FNRM2

Friends of the National Railway Museum
South of England Group

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End Of the Line For Steam

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One hundred and sixty-four years after Richard Trevithick's Penydarren locomotive first proved that steam could successfully move wheels along rails, time runs out for the most endearing of man's industrial inventions.

It is August 1968 and steam is very near the end of the line. For a decade it has retreated on all fronts like a defeated army, and now the survivors are dug-in across the North West of England awaiting their last stand.

Fittingly it is the workhorses which remain while the thoroughbreds have already gone to the cutter's torch or - if they're very lucky - to painted preservation. Here at Carnforth in Lancashire, one of the last steam depots, the grimy unsung sloggers of the steam era perform their final ablutions in the shadow of the ash plant and the coaling tower. Nicknamed 'cenotaphs' by railwaymen these concrete obelisks already look ominously like memorials to a bygone age.

Inevitably it is examples of Stanier's Class 5MT 4-6-0 and 8F 2-8-0 that are still at work. Once they were two of the most numerous types of locomotive on BR, and as late as 1959 all 666 8Fs and all 842 Black Fives were still in service. The slaughter of steam in the 1960s has been a holocaust.

Real steam finished on BR during the weekend of 3 and 4 August 1968. The final regular standard gauge service train ever to be hauled by a steam locomotive was the 21.25 Preston to Liverpool on the Saturday. Packed to the doors with mourners, it turned out to be a sprightly wake as Class 5MT 4-6-0 No. 45318 was worked up to 78mph at one point. The following day a procession of enthusiasts specials chased each others' tails around similar itineraries in the North West, most of them losing time hand over fist as they did so. A week later on Sunday 11 August BR ran its own 'End of Steam Commemorative Special' costing what was at the time considered to be the exorbitant fare of 15 guineas. And that was the end of steam on BR. For a while anyway.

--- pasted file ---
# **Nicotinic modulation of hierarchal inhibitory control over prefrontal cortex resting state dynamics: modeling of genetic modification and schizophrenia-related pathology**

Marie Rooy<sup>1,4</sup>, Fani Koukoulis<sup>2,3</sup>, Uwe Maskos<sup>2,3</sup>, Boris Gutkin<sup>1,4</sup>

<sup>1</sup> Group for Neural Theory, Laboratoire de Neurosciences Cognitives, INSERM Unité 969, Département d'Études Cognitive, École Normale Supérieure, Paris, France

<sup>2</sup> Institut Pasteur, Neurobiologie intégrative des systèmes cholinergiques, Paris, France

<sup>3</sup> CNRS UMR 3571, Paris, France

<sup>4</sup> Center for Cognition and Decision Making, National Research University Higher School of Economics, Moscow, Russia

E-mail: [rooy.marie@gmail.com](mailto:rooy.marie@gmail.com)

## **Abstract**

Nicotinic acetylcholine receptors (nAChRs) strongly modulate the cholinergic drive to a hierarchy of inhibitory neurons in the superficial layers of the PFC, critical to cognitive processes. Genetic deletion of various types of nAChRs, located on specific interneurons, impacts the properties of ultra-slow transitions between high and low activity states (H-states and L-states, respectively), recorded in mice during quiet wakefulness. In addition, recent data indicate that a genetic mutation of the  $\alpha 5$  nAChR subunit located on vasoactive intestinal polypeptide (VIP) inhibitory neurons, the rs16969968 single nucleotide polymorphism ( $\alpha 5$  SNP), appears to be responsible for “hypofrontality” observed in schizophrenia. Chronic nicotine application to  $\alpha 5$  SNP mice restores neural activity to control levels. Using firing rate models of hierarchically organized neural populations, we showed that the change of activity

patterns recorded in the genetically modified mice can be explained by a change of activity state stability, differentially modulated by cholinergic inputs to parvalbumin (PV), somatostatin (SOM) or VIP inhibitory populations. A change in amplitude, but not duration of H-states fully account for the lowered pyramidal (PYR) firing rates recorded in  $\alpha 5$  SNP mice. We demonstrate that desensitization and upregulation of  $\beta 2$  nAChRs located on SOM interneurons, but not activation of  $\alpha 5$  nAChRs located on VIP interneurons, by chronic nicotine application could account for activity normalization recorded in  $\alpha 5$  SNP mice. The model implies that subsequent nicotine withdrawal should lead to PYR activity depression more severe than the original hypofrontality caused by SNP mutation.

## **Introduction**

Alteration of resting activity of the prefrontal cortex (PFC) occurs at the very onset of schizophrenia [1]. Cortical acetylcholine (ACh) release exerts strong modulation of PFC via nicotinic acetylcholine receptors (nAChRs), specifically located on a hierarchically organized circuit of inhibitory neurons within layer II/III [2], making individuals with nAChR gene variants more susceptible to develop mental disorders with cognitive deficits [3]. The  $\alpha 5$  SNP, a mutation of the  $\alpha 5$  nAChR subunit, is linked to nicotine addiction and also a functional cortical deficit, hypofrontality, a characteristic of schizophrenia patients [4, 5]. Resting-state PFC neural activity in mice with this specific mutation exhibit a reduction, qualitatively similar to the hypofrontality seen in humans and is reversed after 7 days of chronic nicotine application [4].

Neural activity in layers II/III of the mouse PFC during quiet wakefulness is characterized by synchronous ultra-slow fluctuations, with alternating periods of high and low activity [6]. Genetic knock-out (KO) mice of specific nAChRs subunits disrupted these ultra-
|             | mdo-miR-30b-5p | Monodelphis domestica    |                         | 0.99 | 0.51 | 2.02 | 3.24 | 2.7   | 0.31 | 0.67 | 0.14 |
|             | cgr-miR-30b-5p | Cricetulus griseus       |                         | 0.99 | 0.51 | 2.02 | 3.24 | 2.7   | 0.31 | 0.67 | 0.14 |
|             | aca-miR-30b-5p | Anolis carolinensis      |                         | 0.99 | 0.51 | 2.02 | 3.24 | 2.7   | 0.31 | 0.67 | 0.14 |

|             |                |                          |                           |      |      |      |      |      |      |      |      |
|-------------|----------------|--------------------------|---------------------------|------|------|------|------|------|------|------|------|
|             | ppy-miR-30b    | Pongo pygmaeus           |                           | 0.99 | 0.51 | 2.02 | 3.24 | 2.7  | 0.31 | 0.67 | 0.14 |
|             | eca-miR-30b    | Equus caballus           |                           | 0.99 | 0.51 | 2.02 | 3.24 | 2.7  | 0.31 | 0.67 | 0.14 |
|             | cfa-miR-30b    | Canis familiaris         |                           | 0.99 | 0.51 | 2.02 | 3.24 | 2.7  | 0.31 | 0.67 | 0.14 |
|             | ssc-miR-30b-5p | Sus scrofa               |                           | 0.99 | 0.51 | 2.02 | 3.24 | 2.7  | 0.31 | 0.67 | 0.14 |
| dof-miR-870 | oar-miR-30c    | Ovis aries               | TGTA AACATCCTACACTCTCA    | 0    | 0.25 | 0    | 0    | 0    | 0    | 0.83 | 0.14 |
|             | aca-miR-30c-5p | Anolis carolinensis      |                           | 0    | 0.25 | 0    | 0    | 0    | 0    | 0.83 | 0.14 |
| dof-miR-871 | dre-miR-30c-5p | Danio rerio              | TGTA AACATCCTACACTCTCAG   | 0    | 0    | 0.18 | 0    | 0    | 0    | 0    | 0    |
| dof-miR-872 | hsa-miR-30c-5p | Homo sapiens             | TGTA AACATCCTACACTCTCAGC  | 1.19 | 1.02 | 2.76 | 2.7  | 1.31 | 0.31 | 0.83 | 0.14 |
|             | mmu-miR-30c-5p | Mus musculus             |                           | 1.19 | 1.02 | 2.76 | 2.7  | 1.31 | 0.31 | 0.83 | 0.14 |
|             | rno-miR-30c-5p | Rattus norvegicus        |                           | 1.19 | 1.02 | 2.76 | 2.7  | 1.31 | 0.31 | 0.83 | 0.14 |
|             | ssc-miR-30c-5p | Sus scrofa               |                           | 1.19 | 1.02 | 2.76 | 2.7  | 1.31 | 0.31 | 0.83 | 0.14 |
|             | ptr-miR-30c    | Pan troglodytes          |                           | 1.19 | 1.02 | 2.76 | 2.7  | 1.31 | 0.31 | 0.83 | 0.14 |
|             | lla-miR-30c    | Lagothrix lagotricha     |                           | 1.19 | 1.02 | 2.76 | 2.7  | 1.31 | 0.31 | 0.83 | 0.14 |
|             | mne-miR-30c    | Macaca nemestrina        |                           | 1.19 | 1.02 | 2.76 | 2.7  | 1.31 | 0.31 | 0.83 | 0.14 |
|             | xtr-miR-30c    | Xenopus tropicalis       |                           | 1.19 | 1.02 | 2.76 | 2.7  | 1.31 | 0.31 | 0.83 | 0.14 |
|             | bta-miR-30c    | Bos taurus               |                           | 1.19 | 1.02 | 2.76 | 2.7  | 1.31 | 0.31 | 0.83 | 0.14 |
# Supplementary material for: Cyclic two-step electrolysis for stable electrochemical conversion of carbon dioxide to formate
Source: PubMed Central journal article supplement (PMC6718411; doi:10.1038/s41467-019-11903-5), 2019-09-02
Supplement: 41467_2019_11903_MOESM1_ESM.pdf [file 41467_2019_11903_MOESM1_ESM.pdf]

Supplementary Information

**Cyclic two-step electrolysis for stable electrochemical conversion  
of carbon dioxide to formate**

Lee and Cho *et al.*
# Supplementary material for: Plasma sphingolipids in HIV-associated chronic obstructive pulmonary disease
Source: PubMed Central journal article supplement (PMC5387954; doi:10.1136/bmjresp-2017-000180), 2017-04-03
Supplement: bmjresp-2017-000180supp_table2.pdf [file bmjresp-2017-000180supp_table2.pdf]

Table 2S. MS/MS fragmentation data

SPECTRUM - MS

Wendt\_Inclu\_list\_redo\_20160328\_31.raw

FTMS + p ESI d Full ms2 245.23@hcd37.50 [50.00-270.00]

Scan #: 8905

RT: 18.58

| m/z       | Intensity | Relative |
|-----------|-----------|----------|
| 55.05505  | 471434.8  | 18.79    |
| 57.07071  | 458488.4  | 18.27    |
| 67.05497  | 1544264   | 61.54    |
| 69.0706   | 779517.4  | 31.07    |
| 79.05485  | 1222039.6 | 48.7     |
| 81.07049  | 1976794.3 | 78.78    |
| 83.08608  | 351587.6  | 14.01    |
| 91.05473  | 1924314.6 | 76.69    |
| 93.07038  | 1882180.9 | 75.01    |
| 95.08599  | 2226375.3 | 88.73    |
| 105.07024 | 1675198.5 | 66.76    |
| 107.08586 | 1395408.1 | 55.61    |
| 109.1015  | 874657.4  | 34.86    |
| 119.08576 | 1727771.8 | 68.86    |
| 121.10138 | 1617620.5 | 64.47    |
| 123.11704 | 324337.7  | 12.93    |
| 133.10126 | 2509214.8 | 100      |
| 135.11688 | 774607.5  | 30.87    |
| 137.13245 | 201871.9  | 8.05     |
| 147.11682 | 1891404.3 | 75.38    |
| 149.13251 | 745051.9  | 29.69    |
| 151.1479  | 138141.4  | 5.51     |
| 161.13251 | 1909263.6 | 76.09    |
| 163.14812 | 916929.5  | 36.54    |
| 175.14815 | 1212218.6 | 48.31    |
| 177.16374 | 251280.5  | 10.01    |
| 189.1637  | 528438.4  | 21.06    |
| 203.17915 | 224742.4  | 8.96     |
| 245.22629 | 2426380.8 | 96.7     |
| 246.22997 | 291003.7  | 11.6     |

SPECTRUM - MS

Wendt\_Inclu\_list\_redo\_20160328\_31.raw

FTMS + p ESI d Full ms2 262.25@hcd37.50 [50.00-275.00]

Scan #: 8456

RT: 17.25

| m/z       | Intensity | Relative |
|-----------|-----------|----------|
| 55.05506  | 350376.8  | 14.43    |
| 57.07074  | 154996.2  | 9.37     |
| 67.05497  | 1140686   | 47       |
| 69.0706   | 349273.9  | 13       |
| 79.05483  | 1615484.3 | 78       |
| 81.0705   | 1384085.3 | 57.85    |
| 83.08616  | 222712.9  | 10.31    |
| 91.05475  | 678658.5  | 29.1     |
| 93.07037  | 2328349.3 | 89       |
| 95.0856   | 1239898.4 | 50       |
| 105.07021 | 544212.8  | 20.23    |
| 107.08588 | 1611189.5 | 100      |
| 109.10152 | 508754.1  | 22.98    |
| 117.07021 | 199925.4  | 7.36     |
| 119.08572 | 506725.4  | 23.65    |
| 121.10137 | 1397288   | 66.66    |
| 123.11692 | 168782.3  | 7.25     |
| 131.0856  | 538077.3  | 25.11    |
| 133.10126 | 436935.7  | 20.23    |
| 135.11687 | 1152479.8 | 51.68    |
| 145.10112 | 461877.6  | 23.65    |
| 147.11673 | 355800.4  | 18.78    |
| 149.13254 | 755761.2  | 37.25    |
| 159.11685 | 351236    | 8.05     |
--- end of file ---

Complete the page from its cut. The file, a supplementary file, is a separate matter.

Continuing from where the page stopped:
For a couple of years there was a complete ban on steam movements on BR; an interregnum which reinforced the break between the old era and the new. By the early 1970s, however, privately preserved steam locomotives were allowed back over certain routes once the considerable problems of feeding and watering these hungry beasts in a system now fully diesel or electric had been resolved.

Today, a market-led BR operates a variety of steam services itself, hiring back locomotives it once owned. As well as summer trains on scenic lines InterCity runs "The Shakespeare Limited" Sunday luncheon special between Marylebone and Stratford-upon-Avon: a day out with a difference where steam whets the appetite for the traditional 3-course Sunday lunch and afternoon tea.

When a group of Italian prisoners of war began work on the new locomotive depot at Carnforth in 1942, they could scarcely have guessed they were laying the foundations for a future major tourist attraction. Now it is Steamtown Carnforth, a working museum demonstrating that the steam locomotive - like so much else of Britain's industrial heritage - is just another part of the entertainment business.